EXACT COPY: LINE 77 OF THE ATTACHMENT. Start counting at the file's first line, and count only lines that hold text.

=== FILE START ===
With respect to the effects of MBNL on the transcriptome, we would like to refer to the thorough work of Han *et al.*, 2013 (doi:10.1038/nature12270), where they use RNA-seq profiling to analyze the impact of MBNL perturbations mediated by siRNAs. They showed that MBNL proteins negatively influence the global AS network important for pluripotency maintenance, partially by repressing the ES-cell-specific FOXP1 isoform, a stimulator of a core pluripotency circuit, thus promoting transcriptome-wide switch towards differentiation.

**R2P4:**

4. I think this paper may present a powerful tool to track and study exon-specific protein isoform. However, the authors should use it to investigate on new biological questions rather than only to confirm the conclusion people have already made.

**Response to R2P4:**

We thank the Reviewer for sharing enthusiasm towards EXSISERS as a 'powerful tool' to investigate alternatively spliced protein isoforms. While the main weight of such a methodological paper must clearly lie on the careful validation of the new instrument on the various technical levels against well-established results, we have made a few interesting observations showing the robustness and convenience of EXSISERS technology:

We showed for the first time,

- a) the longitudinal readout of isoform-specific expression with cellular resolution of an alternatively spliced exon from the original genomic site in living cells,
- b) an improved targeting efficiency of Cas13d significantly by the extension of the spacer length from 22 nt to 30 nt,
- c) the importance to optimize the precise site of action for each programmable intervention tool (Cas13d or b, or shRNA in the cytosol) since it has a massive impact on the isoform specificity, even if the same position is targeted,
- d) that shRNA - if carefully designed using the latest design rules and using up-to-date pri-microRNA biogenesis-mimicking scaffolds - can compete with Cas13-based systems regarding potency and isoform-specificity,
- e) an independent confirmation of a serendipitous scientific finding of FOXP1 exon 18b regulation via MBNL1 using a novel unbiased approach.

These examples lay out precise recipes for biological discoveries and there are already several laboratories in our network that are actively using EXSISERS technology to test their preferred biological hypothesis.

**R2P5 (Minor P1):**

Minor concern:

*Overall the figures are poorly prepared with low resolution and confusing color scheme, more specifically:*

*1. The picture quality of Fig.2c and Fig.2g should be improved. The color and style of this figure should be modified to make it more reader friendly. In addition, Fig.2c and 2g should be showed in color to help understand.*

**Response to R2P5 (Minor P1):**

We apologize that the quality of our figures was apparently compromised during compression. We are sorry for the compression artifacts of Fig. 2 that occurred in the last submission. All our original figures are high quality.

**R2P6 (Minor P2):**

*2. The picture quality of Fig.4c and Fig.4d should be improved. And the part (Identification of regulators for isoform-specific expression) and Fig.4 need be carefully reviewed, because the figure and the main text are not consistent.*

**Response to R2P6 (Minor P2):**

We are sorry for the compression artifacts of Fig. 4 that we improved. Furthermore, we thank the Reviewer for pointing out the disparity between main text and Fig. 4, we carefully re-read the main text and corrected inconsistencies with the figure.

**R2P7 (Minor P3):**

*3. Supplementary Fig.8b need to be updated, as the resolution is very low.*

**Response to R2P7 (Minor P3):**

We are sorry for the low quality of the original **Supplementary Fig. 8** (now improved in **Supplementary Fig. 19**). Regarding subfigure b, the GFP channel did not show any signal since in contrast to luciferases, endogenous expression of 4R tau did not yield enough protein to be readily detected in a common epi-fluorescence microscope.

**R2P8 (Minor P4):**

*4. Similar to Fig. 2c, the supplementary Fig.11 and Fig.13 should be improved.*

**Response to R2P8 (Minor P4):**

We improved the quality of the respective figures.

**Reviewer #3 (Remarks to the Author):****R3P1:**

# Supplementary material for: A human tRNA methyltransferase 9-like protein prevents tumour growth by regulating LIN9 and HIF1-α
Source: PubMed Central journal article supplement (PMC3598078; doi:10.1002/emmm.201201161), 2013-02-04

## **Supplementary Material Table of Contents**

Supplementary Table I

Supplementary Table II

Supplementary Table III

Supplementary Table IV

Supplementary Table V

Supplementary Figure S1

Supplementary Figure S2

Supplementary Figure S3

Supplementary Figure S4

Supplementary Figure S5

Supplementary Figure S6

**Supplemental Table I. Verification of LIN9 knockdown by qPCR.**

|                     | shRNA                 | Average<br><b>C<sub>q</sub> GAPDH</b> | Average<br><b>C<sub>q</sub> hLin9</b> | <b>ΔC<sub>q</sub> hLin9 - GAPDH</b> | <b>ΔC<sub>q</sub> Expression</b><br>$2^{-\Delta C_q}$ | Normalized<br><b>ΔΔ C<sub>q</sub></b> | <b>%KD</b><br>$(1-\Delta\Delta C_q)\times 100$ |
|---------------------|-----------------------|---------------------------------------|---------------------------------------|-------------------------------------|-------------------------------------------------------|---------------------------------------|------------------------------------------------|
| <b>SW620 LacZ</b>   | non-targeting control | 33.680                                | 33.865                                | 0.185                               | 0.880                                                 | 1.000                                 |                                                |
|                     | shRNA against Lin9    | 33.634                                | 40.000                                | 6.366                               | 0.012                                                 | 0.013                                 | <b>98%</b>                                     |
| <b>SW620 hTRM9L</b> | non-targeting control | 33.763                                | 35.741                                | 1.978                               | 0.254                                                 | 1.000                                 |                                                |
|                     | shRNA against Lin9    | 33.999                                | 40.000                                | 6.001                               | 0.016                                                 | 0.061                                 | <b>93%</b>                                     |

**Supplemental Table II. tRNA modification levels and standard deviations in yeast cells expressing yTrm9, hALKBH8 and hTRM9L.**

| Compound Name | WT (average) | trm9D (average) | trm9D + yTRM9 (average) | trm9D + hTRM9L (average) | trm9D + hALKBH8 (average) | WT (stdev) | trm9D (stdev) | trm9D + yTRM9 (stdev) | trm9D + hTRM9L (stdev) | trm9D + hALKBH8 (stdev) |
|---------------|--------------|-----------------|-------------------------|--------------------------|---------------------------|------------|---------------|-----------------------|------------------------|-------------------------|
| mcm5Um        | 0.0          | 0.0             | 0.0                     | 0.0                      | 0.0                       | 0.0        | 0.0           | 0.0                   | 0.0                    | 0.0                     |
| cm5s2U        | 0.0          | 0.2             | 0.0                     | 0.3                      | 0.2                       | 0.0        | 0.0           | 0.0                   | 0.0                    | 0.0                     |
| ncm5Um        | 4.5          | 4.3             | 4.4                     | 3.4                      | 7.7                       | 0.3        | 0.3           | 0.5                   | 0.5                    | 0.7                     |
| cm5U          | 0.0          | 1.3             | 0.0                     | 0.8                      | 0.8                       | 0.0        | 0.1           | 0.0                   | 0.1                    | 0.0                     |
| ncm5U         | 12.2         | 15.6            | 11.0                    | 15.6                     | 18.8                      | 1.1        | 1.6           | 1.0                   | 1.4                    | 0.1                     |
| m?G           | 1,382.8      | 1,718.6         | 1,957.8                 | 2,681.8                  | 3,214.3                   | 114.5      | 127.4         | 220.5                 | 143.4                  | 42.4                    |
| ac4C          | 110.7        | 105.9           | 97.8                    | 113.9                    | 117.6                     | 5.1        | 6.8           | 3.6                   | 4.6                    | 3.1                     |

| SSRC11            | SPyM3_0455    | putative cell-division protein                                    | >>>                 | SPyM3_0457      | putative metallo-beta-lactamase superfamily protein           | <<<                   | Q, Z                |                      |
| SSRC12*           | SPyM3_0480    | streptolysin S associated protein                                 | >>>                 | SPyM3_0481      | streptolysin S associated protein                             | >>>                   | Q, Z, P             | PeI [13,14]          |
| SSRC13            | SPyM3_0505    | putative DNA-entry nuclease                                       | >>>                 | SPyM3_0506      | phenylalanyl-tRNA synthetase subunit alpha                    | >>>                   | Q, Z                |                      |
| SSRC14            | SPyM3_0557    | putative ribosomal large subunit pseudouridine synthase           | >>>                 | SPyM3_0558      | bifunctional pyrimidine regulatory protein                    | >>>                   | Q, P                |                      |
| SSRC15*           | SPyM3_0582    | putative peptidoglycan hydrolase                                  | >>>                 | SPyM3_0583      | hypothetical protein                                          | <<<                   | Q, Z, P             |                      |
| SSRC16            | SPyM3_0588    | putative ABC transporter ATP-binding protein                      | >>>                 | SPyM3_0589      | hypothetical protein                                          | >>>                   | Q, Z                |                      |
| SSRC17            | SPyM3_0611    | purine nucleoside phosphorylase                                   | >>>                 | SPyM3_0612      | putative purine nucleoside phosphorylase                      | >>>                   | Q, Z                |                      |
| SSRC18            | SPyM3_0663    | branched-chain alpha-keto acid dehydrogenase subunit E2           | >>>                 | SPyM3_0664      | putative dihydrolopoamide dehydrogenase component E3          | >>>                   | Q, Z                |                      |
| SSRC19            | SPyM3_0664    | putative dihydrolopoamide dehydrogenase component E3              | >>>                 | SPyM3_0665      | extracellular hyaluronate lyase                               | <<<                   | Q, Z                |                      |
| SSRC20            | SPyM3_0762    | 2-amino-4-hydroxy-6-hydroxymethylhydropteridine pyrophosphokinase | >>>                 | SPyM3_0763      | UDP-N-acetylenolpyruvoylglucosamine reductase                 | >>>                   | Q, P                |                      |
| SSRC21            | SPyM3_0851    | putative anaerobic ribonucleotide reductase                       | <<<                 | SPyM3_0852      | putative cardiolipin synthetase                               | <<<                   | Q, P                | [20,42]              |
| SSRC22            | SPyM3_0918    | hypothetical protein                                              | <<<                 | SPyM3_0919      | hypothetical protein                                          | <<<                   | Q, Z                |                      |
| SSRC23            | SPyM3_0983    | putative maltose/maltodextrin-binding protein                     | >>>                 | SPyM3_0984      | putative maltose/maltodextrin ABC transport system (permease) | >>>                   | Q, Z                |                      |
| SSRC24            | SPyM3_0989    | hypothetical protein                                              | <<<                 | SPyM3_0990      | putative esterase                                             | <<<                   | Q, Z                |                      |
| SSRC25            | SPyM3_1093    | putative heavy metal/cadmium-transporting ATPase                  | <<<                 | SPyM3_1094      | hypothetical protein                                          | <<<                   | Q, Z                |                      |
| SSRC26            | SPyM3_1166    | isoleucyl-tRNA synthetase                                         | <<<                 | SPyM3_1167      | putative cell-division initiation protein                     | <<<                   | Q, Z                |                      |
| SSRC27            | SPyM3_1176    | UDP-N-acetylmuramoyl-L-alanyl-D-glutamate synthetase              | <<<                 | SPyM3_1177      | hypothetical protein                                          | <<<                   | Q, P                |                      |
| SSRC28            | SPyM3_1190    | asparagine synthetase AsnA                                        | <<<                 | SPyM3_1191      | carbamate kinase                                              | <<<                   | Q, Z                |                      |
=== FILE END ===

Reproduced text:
| SSRC25            | SPyM3_1093    | putative heavy metal/cadmium-transporting ATPase                  | <<<                 | SPyM3_1094      | hypothetical protein                                          | <<<                   | Q, Z                |                      |